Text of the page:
Bombay to Mumbai- What’s in a name?
Shruti Parmar answers Juliet in Bambai.
“Our name is our virtue”… goes a line in a popular song. And maybe it’s true. There’s a lot in a city’s name.
Forget the nostalgia of the phonetics, (although a lot of people would vote for what sounds better to them); ‘Bombay’ today signifies a period. It’s one that starts when this collection of seven islands passed from the Mauryas through many empires to the Muslim rulers of Gujrat to the Portuguese traders who called the city ‘Bom Baihm’ or the good bay. It was a place where trade and commerce flourished, where people of diverse faiths mingled and developed an identity of accepting cultures to make money. That’s what made it a cosmopolitan city, this practical way of life.
After the city was transferred to the British as dowry at the wedding of Charles II, then the king of England, in his marriage with Infanta Catherine Braganza , the Princess of Po’rtugal, the area was called Bombay while ‘Bambai’ remained the popular parlance through its booming film industry. Sore from the mutiny of 1857, the British had turned to this region as their centre from Delhi and developed infrastructure for their ease. This was when the Bombay Presidency emerged; a stronger port, the first railway lines, the iconic red double-decker buses and the neo-gothic structures that we pride even today.
The same region however, also became the hotspot for the Independence struggle, leading in every political movement. Through 1947, the influx of refugees to the city rose like never before and high rises and slums became the template of this part of the Bombay State.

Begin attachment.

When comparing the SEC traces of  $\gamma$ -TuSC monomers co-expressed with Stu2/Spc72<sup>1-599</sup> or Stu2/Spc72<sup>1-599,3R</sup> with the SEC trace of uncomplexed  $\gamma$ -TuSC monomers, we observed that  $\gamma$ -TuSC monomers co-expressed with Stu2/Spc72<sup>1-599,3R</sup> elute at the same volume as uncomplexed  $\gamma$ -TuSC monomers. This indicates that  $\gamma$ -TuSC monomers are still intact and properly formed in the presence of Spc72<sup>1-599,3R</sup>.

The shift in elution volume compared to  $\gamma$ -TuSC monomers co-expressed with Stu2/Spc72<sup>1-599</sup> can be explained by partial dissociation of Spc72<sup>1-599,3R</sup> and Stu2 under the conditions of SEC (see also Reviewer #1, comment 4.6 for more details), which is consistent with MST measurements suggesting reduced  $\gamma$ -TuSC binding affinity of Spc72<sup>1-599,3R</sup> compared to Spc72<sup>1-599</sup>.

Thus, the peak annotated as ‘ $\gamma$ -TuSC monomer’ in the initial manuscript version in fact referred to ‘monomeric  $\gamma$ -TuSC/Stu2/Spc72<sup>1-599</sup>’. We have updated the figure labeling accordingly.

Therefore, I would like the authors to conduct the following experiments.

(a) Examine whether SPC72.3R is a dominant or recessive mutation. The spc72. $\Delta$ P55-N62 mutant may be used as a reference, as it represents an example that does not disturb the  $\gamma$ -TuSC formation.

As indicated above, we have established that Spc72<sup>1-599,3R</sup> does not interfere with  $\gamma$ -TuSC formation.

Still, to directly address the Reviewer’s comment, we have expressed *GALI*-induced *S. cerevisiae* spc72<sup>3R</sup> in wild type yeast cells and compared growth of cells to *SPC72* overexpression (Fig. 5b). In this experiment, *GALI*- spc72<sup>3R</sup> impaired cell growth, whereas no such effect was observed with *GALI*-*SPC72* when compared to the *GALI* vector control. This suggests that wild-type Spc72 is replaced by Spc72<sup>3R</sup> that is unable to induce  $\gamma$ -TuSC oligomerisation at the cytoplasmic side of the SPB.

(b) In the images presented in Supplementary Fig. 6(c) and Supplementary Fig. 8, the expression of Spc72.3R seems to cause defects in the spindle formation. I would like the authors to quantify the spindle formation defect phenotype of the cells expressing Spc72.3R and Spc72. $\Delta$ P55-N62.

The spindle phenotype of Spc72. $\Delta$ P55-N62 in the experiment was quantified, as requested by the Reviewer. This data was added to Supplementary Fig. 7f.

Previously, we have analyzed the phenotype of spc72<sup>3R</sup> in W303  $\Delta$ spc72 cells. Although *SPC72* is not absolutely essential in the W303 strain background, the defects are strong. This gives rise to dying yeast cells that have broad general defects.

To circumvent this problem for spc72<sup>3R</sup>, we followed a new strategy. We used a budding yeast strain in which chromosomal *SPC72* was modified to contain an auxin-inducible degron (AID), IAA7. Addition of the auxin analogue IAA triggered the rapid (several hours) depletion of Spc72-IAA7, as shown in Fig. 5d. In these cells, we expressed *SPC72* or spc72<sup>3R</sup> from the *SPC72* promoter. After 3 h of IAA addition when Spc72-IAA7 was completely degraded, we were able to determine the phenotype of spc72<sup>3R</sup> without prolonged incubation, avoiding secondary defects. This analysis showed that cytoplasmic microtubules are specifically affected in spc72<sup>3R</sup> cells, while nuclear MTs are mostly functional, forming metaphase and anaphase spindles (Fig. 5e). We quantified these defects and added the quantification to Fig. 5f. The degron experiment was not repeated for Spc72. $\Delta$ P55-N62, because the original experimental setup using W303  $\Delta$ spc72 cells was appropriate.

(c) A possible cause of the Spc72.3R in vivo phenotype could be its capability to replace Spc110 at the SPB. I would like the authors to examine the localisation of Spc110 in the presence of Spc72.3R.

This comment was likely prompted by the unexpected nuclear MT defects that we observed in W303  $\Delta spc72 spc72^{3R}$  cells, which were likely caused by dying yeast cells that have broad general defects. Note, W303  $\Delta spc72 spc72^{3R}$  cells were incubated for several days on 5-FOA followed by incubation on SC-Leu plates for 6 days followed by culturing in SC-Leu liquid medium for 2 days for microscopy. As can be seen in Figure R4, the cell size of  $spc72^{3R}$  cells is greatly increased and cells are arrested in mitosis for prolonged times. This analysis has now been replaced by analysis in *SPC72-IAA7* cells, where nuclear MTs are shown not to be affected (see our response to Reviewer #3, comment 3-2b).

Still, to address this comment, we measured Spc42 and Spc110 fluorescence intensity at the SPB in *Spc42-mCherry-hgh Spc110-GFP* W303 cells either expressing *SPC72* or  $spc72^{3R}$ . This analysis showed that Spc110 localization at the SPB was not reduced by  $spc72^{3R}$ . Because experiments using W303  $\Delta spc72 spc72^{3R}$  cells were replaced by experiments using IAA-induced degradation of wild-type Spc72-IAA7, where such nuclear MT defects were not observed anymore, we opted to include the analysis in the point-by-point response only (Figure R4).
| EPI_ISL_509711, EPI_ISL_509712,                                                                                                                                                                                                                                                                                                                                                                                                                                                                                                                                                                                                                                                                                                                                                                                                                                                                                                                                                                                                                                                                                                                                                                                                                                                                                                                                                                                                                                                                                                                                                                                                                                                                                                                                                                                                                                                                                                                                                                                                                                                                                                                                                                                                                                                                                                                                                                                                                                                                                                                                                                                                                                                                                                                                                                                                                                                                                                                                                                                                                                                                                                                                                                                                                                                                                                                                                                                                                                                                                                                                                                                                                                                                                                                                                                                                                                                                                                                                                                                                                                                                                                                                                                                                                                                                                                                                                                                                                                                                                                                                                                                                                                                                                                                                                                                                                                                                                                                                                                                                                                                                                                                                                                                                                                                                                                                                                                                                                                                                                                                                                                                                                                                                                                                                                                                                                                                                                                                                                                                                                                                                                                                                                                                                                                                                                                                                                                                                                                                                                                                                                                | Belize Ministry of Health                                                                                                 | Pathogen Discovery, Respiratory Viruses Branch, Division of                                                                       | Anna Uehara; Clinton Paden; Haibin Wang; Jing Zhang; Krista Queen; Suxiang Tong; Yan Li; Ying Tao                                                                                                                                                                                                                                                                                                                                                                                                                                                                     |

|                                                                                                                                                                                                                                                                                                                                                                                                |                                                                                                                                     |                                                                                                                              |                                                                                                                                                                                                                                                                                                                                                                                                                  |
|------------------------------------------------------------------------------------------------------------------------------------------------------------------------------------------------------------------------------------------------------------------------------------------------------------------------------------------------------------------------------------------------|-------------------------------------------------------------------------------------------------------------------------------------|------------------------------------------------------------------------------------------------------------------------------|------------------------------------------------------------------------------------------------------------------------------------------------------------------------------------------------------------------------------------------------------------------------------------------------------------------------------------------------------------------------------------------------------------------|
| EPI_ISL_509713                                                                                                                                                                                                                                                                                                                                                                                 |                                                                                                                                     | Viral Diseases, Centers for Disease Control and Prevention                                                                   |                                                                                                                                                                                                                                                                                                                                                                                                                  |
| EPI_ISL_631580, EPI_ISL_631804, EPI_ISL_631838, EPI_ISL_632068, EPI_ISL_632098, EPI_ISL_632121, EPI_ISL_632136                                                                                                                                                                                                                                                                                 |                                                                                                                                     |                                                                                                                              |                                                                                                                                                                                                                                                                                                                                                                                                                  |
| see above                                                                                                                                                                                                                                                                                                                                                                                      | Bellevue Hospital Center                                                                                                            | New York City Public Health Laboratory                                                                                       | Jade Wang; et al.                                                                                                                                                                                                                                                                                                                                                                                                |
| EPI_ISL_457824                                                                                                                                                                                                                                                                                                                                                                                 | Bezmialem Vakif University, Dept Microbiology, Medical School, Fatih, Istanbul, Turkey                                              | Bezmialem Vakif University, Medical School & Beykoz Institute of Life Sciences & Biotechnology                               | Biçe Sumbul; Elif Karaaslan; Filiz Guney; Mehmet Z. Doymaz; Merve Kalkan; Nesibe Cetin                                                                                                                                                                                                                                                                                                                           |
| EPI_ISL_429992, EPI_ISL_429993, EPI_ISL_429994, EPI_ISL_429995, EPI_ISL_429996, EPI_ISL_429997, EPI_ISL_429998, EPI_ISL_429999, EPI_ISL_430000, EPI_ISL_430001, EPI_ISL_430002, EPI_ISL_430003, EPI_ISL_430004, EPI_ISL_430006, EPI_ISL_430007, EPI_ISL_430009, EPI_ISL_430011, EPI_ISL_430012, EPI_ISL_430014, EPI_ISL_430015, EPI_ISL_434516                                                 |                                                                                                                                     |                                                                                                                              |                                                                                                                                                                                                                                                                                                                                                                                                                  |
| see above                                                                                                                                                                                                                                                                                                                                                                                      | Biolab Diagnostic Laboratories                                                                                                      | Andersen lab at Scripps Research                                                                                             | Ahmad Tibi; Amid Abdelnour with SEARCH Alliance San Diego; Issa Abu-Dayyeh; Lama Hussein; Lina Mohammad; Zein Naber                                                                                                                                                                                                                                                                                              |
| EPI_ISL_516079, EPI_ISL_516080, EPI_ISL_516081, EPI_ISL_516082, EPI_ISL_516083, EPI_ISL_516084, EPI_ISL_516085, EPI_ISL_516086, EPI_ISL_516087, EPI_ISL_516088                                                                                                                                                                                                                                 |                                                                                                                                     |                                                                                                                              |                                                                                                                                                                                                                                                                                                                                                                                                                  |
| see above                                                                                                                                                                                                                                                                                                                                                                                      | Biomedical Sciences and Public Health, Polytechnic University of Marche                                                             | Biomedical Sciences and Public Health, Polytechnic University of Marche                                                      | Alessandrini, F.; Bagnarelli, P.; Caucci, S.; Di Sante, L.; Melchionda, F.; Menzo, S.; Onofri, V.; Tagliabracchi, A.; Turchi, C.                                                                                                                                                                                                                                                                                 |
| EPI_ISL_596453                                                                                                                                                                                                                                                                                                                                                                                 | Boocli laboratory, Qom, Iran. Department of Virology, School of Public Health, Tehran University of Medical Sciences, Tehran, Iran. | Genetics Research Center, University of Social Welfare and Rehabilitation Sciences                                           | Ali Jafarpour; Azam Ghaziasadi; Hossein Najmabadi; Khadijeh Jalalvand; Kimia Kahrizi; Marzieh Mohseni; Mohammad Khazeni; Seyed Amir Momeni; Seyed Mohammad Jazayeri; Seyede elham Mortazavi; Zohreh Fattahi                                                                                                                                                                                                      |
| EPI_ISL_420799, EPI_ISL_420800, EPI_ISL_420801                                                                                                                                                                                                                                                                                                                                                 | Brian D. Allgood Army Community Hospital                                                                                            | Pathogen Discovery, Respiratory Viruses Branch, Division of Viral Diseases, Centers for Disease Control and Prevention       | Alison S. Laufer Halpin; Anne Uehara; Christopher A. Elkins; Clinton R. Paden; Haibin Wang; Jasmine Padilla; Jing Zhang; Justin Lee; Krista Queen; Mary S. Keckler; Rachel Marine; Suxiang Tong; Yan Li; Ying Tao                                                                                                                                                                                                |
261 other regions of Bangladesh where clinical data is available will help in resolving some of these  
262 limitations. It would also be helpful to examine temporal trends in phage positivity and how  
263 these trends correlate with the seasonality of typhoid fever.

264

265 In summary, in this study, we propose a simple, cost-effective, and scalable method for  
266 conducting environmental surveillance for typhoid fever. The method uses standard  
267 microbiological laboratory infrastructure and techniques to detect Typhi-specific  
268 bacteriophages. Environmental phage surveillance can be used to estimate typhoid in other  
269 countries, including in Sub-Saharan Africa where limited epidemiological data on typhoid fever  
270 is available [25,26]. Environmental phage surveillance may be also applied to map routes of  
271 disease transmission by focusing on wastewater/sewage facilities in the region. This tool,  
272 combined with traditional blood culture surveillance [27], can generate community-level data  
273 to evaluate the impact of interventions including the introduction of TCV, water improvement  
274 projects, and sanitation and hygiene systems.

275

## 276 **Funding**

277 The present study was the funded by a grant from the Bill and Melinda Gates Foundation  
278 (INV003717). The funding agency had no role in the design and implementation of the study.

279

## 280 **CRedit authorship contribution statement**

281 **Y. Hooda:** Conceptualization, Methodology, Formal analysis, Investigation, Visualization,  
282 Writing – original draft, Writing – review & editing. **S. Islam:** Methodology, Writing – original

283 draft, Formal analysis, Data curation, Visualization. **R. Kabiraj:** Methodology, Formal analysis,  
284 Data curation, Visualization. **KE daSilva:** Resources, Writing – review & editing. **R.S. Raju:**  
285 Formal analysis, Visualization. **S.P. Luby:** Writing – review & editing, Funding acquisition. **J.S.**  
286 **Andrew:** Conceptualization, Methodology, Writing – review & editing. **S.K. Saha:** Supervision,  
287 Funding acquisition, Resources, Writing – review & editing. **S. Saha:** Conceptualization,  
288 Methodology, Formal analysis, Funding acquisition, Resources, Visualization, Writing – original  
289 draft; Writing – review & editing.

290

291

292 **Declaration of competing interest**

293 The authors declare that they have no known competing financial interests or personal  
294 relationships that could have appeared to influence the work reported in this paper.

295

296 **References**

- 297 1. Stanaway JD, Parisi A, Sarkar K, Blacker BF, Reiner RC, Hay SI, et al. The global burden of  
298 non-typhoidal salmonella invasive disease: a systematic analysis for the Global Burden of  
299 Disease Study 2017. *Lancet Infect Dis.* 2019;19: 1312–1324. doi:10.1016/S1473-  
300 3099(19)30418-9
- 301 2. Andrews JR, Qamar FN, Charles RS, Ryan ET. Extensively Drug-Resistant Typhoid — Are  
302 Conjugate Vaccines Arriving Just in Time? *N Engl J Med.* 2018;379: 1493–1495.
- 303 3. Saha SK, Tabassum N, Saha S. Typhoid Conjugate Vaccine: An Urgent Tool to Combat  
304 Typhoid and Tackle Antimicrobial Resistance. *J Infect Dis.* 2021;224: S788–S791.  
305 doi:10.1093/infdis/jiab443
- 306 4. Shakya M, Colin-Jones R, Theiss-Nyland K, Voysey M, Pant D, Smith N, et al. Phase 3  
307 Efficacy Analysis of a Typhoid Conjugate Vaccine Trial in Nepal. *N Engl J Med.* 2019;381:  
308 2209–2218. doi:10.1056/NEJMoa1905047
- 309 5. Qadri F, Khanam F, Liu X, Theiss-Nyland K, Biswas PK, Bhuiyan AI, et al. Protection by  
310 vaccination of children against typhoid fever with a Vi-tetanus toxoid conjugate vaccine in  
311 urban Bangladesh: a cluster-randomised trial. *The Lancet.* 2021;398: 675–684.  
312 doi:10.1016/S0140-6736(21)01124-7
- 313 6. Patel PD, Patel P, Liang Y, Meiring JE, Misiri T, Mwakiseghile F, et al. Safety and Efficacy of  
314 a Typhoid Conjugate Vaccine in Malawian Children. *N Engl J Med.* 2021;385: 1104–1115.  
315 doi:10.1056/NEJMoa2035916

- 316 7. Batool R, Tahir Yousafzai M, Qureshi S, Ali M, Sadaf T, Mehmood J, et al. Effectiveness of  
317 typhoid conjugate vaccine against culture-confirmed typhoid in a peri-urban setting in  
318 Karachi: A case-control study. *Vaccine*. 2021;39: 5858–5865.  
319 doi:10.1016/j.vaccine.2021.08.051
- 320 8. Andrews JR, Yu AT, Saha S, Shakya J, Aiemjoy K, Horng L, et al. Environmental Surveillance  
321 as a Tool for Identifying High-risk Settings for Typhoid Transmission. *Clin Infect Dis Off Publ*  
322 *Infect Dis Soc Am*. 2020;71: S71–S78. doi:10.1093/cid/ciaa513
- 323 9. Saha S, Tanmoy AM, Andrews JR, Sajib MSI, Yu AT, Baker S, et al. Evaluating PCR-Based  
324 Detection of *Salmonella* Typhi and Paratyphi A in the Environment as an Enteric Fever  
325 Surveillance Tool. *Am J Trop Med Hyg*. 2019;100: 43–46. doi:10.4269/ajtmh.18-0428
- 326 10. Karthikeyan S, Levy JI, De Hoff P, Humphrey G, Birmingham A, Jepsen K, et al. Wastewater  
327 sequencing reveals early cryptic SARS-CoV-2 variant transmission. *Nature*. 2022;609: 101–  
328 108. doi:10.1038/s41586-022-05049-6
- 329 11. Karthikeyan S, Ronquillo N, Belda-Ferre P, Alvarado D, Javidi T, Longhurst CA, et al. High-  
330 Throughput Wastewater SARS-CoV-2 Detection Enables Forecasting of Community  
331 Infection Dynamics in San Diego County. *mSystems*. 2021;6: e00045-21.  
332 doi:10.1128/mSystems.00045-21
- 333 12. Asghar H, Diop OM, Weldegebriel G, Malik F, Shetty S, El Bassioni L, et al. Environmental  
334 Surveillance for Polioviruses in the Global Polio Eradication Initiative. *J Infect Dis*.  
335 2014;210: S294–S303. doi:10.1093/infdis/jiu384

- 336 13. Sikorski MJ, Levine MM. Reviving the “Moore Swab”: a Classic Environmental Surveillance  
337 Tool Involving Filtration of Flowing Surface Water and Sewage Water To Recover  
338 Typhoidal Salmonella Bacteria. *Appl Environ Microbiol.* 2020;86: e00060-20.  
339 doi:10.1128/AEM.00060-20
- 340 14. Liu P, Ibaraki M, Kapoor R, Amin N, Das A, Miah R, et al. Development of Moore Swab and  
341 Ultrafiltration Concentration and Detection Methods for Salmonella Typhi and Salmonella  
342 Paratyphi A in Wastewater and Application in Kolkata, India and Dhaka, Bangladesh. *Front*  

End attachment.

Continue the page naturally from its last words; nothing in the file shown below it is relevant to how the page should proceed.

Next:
Local politics grew post-independence for the prosperity of this commercial city. Beginning with the incorporation in 1960 as the capital of Maharashtra; the city changed again.
Being the financial capital of the country attracted vested interests. It was politicized like never before. Not only were the textile mills shut down, the 1992-93 riots tore the city’s fibre apart. Terrorism struck at its worst and anti-outsider campaigns have been fuelled.
The 1996 name change to ‘Mumbai’ is a new level of polity. Yes, the Kolis were the original inhabitants of this city, but the city would not be what it is had it not been for all the different people who have come here and worked hard in the city’s entrepreneurial spirit. A name change should be significant to the ethos of the city rather than seek to destroy it.
But much as politics and events occur and have occurred here, the city’s people always move forward in a rebellious focus. They stand helpful, rational, hard working, philosophical and most importantly – practical. They look into the calming sea at the end of a hard day of labour- the fisherman, the dabbawala, the housewife, the student, the bank CEO, the beggar and the child – with a zidd for survival in the city of dreams.
This is a city that transcends the Bombay/Mumbai debate. Whatever you call it, it will always remain Bambai- Meri Jaan.